11 U.S.C. §541; Property of the Estate; Judicial Estoppel
Brown v. Brock, 2006 U.S. App. LEXIS 5452 (11th Cir. March 3, 2006)
Debtor filed an employment discrimination case against the defendant; however, he had not disclosed the claim in his bankruptcy schedules. The defendant filed a motion for judgment on the pleadings based upon judicial estoppel, and attached a copy of the debtor’s bankruptcy schedules to the motion. The District Court granted the motion and the debtor appealed.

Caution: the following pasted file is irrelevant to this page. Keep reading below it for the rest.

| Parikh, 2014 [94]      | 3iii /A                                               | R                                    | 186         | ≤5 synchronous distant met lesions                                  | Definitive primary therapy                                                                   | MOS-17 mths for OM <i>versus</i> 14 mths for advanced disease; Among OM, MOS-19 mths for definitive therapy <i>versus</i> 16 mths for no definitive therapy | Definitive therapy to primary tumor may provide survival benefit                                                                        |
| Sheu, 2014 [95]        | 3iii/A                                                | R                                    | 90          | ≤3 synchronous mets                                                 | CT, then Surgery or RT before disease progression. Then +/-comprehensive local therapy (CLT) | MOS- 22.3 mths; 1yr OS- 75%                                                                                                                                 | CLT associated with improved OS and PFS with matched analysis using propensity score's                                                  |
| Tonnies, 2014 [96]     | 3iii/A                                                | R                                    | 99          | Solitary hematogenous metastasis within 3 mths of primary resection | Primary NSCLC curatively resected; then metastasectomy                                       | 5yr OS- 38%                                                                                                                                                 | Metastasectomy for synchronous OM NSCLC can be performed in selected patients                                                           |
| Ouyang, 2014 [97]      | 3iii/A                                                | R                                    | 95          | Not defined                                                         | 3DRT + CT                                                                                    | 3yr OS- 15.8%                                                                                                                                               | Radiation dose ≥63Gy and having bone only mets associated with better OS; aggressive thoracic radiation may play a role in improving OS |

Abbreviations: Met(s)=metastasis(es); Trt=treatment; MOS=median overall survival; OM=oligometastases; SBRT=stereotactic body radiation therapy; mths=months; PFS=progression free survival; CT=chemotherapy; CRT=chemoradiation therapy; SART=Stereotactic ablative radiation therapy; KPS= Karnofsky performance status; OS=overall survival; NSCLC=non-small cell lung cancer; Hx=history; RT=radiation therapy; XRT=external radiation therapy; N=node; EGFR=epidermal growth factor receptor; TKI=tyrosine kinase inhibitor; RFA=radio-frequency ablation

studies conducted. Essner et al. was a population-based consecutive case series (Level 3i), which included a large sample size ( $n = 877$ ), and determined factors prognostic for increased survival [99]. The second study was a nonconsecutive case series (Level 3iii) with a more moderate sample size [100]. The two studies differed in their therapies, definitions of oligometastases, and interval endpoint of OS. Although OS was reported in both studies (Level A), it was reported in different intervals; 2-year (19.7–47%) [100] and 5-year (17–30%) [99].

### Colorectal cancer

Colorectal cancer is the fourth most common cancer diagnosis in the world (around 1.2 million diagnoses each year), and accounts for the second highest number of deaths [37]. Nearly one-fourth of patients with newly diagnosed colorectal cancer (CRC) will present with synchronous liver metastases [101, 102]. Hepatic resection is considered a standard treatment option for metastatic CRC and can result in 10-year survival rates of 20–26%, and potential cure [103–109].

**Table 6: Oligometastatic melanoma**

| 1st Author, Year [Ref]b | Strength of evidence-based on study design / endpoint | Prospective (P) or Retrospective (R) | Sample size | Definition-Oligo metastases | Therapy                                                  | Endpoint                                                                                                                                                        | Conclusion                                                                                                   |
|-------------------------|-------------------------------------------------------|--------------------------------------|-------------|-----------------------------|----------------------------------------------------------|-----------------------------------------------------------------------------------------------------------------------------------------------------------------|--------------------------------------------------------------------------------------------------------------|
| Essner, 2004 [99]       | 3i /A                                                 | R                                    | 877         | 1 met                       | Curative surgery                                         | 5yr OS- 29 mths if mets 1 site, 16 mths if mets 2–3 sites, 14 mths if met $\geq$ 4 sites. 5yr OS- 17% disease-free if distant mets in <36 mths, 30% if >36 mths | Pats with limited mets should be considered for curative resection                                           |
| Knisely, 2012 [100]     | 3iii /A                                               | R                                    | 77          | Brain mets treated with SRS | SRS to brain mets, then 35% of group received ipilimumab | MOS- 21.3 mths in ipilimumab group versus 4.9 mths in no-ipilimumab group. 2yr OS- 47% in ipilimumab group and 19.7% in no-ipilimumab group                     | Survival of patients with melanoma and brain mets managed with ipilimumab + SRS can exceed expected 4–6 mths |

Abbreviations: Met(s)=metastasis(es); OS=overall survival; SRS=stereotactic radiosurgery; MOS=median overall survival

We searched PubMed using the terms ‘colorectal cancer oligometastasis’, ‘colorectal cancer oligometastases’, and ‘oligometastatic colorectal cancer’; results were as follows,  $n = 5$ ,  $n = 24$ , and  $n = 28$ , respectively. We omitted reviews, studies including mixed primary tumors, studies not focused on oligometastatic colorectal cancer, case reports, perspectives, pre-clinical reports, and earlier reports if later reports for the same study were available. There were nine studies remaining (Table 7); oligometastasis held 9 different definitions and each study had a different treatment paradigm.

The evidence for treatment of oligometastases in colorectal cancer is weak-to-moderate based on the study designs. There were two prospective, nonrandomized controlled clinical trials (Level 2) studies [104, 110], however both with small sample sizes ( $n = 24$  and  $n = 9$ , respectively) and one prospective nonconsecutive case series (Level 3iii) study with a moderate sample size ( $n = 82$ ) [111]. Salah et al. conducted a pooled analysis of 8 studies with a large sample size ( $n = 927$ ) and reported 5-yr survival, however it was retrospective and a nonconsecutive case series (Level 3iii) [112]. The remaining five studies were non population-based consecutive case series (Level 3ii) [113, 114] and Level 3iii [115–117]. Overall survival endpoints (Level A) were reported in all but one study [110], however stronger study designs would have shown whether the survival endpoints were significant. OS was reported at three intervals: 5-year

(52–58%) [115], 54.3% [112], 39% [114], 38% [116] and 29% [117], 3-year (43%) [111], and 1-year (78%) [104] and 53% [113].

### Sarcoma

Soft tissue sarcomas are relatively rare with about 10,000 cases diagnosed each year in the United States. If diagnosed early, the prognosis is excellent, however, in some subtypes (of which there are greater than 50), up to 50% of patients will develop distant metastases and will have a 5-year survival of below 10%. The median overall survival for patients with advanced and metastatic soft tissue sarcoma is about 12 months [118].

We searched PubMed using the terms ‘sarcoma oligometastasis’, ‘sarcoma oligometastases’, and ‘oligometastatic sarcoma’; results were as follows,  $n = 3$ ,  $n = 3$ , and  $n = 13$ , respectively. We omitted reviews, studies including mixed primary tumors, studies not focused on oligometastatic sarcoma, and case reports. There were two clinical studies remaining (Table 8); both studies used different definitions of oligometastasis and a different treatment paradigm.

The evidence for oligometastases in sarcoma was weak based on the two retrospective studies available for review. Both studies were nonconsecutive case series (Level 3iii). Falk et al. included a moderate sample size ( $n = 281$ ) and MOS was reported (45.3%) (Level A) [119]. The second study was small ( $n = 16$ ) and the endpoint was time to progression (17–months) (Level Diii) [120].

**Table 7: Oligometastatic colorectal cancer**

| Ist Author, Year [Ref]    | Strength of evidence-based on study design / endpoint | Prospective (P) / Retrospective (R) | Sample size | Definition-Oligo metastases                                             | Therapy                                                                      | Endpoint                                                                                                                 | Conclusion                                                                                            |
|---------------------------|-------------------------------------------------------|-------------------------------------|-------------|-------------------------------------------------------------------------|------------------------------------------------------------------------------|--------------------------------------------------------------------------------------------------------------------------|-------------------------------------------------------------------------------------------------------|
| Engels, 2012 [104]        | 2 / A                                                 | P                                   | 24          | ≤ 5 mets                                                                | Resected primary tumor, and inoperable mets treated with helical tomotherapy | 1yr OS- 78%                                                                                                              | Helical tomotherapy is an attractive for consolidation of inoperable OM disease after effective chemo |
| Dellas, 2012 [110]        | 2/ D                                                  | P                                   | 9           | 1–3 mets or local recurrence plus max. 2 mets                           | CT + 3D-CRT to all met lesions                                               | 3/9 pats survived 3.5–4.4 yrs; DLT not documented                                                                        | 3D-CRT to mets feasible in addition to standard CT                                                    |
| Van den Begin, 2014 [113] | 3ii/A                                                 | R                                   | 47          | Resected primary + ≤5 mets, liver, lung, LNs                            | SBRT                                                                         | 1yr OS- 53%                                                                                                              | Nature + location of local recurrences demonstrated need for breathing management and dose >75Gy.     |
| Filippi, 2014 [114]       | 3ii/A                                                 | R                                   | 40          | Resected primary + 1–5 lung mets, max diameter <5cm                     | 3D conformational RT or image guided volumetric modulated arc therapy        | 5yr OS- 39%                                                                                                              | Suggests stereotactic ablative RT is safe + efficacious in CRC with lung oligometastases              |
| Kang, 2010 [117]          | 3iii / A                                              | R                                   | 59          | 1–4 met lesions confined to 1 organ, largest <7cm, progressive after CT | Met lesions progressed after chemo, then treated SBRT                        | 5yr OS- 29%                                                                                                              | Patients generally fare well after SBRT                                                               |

The Eleventh Circuit reversed, finding that the District Court had considered evidence outside the pleadings, thus turning the motion into one of summary judgment, but had not given the debtor the required opportunity to supplement the record. See Fed.R.Civ.P. 12(c); Trustmark Ins. V. ESLU, Inc., 299 F.3d 1265, 1267 (11th Cir. 1002). Although there is an exception to this rule for judicially noticed facts, a court cannot take judicial notice of documents in a separate judicial proceeding.